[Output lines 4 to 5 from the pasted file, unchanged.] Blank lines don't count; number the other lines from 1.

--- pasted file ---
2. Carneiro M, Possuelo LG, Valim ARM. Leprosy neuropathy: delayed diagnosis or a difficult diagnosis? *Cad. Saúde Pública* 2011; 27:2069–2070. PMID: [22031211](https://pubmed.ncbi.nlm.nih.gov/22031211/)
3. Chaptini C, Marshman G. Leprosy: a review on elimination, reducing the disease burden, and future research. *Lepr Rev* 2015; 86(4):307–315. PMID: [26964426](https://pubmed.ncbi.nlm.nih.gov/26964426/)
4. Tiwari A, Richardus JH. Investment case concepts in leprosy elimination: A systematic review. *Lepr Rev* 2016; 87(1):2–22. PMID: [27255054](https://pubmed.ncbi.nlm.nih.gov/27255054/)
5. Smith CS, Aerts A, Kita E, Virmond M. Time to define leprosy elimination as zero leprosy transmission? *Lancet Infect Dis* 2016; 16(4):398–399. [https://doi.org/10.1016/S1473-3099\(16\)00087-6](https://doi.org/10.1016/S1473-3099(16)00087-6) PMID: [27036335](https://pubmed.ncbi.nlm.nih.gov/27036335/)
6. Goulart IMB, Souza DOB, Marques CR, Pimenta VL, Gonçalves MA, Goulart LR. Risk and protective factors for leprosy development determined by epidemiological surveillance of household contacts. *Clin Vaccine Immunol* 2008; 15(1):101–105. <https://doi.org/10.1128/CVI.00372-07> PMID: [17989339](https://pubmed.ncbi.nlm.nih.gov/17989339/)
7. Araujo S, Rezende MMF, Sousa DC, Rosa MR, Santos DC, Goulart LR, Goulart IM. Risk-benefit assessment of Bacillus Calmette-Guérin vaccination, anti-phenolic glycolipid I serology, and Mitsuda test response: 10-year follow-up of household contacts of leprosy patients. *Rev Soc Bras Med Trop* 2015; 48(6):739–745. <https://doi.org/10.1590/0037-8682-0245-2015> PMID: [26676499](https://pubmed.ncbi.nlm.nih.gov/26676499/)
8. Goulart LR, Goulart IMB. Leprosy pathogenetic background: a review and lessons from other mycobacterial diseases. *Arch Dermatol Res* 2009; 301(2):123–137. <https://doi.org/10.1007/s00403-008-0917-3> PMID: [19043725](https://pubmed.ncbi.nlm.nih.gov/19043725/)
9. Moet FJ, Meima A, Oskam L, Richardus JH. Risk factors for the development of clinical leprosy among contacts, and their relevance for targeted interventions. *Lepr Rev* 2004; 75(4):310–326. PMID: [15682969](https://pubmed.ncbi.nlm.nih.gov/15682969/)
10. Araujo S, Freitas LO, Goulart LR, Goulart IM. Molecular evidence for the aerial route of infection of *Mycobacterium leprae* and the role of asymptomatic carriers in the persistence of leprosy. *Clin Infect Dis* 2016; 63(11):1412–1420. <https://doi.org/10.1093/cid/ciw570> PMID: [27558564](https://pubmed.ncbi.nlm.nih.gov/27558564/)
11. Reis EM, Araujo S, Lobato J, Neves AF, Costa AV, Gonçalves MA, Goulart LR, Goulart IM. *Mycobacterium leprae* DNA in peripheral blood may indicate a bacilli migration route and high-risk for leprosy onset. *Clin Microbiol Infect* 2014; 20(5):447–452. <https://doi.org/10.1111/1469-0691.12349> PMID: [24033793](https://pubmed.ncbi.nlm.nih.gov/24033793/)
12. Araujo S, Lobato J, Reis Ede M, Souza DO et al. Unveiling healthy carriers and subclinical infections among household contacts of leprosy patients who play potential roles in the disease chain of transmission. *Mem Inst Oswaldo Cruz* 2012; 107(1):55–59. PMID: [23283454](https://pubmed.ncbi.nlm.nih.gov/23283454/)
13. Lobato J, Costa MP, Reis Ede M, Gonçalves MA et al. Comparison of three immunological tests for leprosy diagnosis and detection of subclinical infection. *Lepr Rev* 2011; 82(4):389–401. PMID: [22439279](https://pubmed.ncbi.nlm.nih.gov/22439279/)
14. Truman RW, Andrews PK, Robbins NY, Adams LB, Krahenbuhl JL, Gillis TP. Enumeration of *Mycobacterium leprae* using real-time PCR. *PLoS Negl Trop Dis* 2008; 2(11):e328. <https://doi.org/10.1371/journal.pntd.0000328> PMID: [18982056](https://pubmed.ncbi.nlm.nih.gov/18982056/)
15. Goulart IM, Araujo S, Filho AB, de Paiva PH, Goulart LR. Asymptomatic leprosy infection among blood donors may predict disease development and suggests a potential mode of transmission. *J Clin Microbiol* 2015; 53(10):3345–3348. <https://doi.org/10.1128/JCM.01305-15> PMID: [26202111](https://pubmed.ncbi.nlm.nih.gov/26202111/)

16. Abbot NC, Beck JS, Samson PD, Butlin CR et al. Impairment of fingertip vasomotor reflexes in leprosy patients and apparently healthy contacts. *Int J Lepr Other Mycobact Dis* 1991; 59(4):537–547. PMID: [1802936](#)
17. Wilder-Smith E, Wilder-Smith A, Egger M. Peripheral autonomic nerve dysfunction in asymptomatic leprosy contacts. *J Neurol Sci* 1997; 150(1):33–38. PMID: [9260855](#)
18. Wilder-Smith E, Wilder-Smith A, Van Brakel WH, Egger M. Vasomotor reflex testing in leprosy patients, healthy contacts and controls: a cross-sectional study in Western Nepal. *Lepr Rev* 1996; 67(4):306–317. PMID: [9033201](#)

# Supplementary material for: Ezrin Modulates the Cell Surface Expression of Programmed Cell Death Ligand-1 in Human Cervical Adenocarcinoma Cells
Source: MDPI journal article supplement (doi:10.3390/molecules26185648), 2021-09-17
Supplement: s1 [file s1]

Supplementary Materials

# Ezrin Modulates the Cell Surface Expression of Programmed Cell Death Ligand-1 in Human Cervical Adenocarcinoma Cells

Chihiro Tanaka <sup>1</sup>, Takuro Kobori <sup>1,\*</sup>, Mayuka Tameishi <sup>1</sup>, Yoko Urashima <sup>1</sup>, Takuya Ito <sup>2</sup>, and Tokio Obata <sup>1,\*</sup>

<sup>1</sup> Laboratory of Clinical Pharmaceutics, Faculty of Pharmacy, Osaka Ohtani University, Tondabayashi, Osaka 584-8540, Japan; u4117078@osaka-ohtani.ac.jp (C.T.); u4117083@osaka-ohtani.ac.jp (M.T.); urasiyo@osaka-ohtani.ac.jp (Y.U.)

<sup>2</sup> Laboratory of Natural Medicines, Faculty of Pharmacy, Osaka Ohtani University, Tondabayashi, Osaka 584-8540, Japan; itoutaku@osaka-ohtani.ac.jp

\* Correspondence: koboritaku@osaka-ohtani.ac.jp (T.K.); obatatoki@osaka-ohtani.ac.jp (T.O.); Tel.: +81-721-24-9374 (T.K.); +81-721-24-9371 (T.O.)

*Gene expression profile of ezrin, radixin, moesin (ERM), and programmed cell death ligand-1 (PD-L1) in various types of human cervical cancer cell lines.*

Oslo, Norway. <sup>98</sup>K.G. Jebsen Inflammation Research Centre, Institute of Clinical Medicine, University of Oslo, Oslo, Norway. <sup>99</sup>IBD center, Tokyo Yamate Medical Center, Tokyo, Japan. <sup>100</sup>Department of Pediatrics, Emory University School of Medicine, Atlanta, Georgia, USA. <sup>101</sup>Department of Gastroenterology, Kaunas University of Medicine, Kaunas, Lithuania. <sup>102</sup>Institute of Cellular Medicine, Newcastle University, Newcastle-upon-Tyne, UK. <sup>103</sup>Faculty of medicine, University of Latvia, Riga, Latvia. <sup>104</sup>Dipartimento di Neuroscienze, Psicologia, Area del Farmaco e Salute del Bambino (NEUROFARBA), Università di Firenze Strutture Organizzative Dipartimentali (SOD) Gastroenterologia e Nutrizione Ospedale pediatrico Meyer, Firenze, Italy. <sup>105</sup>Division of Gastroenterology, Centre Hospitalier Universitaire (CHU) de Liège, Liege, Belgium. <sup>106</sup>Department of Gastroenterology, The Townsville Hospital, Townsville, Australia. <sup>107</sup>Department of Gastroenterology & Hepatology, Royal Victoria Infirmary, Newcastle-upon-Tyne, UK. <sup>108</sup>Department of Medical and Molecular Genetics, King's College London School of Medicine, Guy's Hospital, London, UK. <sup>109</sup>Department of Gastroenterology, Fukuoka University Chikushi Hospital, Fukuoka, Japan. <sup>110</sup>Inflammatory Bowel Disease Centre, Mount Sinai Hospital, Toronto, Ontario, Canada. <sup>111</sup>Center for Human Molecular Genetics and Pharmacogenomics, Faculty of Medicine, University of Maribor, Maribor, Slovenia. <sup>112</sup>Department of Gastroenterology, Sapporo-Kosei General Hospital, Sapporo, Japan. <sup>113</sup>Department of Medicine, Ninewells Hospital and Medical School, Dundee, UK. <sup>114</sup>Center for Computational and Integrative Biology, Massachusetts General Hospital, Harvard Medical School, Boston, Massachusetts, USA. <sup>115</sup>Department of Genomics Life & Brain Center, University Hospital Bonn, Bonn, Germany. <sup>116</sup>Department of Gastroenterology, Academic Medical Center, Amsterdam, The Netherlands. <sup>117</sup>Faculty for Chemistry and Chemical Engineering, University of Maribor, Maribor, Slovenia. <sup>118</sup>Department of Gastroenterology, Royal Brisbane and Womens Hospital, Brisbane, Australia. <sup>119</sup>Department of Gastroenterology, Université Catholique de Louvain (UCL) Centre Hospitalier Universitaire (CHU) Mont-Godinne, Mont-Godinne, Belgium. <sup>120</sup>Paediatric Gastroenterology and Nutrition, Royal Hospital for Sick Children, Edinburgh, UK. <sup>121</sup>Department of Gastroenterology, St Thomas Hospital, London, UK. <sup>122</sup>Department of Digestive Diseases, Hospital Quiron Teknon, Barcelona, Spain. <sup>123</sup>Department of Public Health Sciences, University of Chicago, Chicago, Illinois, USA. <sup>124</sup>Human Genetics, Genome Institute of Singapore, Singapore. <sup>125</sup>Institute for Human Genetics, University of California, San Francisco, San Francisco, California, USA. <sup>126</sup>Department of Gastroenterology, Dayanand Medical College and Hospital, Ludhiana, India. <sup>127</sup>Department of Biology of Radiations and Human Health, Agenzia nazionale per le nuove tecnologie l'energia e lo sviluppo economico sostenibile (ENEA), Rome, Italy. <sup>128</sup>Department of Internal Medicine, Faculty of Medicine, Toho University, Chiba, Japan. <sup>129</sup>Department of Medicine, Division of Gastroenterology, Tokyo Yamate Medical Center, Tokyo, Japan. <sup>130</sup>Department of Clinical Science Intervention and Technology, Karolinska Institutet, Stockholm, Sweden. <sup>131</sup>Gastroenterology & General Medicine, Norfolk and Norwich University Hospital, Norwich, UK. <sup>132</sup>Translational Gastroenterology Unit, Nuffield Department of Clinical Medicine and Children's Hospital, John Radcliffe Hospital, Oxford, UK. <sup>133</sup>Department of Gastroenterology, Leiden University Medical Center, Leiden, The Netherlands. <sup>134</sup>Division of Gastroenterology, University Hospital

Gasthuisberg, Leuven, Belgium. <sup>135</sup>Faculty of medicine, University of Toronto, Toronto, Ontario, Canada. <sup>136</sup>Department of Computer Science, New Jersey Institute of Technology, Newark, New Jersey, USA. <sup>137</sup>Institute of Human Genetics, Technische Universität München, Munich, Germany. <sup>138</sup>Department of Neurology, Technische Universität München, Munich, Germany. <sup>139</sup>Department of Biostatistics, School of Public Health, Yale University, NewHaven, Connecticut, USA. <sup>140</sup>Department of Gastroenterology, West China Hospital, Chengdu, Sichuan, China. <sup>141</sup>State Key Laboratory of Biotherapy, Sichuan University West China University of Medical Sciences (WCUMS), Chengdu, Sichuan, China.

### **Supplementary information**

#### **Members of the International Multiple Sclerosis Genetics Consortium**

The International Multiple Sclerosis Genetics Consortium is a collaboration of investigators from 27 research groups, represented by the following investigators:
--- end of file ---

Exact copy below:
5. Smith CS, Aerts A, Kita E, Virmond M. Time to define leprosy elimination as zero leprosy transmission? *Lancet Infect Dis* 2016; 16(4):398–399. [https://doi.org/10.1016/S1473-3099\(16\)00087-6](https://doi.org/10.1016/S1473-3099(16)00087-6) PMID: [27036335](https://pubmed.ncbi.nlm.nih.gov/27036335/)
6. Goulart IMB, Souza DOB, Marques CR, Pimenta VL, Gonçalves MA, Goulart LR. Risk and protective factors for leprosy development determined by epidemiological surveillance of household contacts. *Clin Vaccine Immunol* 2008; 15(1):101–105. <https://doi.org/10.1128/CVI.00372-07> PMID: [17989339](https://pubmed.ncbi.nlm.nih.gov/17989339/)